I think it’s important to do both. We had released our 25th anniversary, vinyl edition only, and to our surprise we heard a lot of people kind of bitching, “I don’t collect vinyl. I would really like to see that on CD.” It’s, like, “Nah, you don’t get it.” I think this band is a great vinyl sounding band. There’s a warmth. A lot of people still forget the band goes through so much and spends so much money to make a great sounding song or record And then you go buy an MP3 and it compresses the fuck out of it.
As a drummer, do you try something new from album to album when recording or does it just depend on the studio and making adjustments to your kit?
A little bit of everything. I try to come up with something new. On this record I tried not to over play. I think I actually stuck a little bit more to the beach. I don’t want to say I took a backseat, but I just wanted to be the backbone, you know?
Yeah. Maybe not as busy? But you’re hitting pretty hard! I would describe it as a Clydesdale running on a ground made of drum skins.
And that’s just it. I’m glad to hear it. Incantation is just a locomotive. Kind of steamrolls through sometimes. That’s kind of what I felt on this one. I love the slow mid-pace stuff and lay the thunderous beat behind it. It doesn’t need to be all over the place and shit. I’m not a super technical drummer; I just beat on things. Somehow it’s been working all these years.
Sonically, Profane Nexus is thick as fuck. I found myself going inward wanting to draw abstract imagery in dim lighting compared to wanting to smash shit and go skate. Did incantation have a design to translate a certain mood going into the studio.
Not necessarily. Usually when we write a record we write way too much and then have a problem of picking ten songs out of the 14. Not that they’re bad songs, they just don’t fit on the record. We had a lot of doomy stuff. We cut a lot of it down. It was just too much. We would just get in the sessions and just roll with whatever mood we were in and just hit record on our practices and jams. Then go back and try and build songs out of it. And with Sonny, he brought a lot of the fast thrash and it worked out pretty good. We always try to deliver a little bit of everything.
Any last words to the readers?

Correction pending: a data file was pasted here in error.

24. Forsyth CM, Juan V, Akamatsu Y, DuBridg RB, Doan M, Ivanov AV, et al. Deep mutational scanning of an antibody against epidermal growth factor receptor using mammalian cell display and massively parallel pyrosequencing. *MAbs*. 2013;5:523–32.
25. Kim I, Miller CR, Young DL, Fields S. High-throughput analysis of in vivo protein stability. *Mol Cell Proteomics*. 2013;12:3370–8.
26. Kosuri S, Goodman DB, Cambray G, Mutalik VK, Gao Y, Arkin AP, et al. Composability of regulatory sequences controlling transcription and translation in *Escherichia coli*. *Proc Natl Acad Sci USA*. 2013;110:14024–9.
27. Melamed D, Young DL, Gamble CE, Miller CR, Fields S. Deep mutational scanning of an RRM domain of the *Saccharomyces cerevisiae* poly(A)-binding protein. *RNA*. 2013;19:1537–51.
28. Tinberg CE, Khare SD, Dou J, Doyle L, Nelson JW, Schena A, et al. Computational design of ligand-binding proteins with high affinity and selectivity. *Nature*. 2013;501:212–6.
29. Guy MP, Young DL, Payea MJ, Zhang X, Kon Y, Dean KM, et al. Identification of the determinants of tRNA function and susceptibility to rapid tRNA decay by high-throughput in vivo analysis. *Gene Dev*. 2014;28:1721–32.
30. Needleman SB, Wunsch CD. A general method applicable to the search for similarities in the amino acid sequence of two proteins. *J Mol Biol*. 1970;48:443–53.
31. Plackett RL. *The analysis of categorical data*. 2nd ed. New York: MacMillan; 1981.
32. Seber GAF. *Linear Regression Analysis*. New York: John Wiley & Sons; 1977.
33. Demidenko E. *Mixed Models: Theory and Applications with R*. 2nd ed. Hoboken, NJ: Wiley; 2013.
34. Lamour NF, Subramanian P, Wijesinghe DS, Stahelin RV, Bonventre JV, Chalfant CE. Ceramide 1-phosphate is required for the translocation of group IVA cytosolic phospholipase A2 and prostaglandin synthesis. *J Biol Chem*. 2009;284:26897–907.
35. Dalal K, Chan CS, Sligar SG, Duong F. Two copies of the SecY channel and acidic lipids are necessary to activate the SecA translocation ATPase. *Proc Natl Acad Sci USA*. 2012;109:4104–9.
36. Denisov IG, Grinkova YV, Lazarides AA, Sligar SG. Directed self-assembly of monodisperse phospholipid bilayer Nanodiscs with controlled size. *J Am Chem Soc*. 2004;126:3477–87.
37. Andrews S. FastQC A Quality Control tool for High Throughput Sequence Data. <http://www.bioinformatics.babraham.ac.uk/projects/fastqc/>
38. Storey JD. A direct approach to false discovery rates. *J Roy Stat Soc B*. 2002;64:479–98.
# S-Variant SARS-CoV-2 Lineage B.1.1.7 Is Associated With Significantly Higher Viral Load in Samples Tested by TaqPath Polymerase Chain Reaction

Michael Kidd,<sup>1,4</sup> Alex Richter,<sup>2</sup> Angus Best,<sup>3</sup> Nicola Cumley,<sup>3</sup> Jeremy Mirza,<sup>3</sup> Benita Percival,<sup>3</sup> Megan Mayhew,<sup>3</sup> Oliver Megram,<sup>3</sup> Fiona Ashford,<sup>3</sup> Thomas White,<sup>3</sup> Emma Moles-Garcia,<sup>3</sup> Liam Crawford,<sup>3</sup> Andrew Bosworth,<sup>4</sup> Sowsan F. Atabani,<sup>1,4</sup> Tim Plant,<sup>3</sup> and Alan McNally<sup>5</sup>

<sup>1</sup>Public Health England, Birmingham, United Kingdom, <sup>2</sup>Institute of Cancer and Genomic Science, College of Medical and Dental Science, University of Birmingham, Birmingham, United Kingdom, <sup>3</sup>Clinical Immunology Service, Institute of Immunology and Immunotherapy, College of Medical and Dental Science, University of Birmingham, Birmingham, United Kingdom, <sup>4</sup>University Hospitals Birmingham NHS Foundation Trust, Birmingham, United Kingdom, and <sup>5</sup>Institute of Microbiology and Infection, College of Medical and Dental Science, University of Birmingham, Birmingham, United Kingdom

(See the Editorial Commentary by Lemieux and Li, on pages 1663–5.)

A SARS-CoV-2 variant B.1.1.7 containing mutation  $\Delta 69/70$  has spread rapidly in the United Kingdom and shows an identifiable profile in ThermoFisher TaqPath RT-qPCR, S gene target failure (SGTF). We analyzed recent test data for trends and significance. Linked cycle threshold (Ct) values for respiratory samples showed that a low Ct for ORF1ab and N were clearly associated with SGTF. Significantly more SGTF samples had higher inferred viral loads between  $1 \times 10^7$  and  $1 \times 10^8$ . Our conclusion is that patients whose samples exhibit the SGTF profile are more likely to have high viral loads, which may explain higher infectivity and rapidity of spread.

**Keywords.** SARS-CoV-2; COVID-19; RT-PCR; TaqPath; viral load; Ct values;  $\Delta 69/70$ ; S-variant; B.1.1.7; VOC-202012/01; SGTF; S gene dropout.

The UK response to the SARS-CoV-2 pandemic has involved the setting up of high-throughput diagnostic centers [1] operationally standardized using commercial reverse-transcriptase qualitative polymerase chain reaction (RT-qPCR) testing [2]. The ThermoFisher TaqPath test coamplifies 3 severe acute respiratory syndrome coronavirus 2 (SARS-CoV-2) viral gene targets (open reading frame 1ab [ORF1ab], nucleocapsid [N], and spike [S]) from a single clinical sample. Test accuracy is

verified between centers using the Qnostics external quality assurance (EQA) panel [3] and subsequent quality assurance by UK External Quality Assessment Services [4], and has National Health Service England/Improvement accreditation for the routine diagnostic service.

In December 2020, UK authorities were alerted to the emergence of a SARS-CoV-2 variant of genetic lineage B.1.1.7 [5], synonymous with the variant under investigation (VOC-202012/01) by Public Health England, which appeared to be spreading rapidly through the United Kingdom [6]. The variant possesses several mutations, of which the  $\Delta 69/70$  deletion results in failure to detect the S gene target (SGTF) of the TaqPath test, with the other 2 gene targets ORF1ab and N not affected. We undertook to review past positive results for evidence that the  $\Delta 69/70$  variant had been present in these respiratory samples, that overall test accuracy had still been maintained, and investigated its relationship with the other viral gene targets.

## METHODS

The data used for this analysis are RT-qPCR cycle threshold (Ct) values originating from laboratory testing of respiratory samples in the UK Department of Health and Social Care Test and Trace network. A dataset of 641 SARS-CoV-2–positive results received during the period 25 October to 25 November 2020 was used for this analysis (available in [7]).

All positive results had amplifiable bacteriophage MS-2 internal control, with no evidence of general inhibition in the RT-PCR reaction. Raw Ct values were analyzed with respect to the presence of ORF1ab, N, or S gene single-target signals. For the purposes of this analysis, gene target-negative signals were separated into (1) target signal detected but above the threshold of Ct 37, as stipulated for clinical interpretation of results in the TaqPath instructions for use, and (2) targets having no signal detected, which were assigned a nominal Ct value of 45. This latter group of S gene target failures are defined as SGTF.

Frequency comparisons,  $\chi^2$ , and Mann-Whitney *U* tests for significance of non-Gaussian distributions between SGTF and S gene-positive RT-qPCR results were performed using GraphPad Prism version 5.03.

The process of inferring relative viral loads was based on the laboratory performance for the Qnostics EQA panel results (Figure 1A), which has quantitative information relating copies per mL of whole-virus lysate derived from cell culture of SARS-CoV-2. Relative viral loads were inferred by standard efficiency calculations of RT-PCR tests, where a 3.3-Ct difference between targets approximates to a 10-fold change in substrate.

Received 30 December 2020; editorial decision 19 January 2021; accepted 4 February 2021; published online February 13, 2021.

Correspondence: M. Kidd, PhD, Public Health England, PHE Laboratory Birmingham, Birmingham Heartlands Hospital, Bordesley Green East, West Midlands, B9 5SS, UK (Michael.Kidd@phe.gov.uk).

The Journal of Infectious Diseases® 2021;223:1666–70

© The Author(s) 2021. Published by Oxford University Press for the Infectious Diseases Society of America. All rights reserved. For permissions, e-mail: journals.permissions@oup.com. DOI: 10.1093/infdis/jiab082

I really like the fact that it’s Thrasher magazine. When I was a teenager, this was the magazine. When it came out in the early ’80s I was introduced to a lot of punk bands through it, you know what I mean? Misfits, Suicidal all that good stuff. Glad to see you guys are still doing it.
5/27/2018On May 12th, we celebrated the 50th birthday of one of the most important figures in skateboarding (if not THE most), the great Tony Hawk.
5/27/2018Desert Breeze loc, Sammy Baca, talks and spins some stuff that made him the man he is today. Skate Rock survivor; I set him on fire once in North Carolina. Oops. —Jake Phelps
5/27/2018The Florida native opened up about the “pain” in his name, rich people and his short-lived skateboarding career. Check it out.
5/27/2018This band will not stop. The crew from Orange County gave the hardcore world the rude awakening it deserved with their first full-length album, Paramount.
5/27/2018For Riley Hawk’s second shoe on Lakai, the powers that be lined up a collaboration with Motörhead! And what better place to have the release party than at the Rainbow Bar and Grill on Sunset in Hollywood, which was Lemmy’s favorite watering hole. —Joe Hammeke
5/27/2018Yellowman, the rudest dancehall toaster of all time. Check it out.
5/27/2018The backbone of Necrot, Chad Gailey, picked up the phone and gave us a little insight on their latest album and the past year.
5/27/2018We caught up with Thundercat to talk spirituality, Dave Chappelle and why sometimes you just gotta pick your nose.
5/27/2018Morbid Angel is one of the true originators of the beautiful art of death metal—blazing guitars, stampeding drums, monster vocals and general darkness wrapped in a ball of fire.
5/27/2018Three days of live tunes, bottomless booze and mini-ramp mayhem, all simmering under the Texas sun. Thank you, Austin. Can’t wait for next year...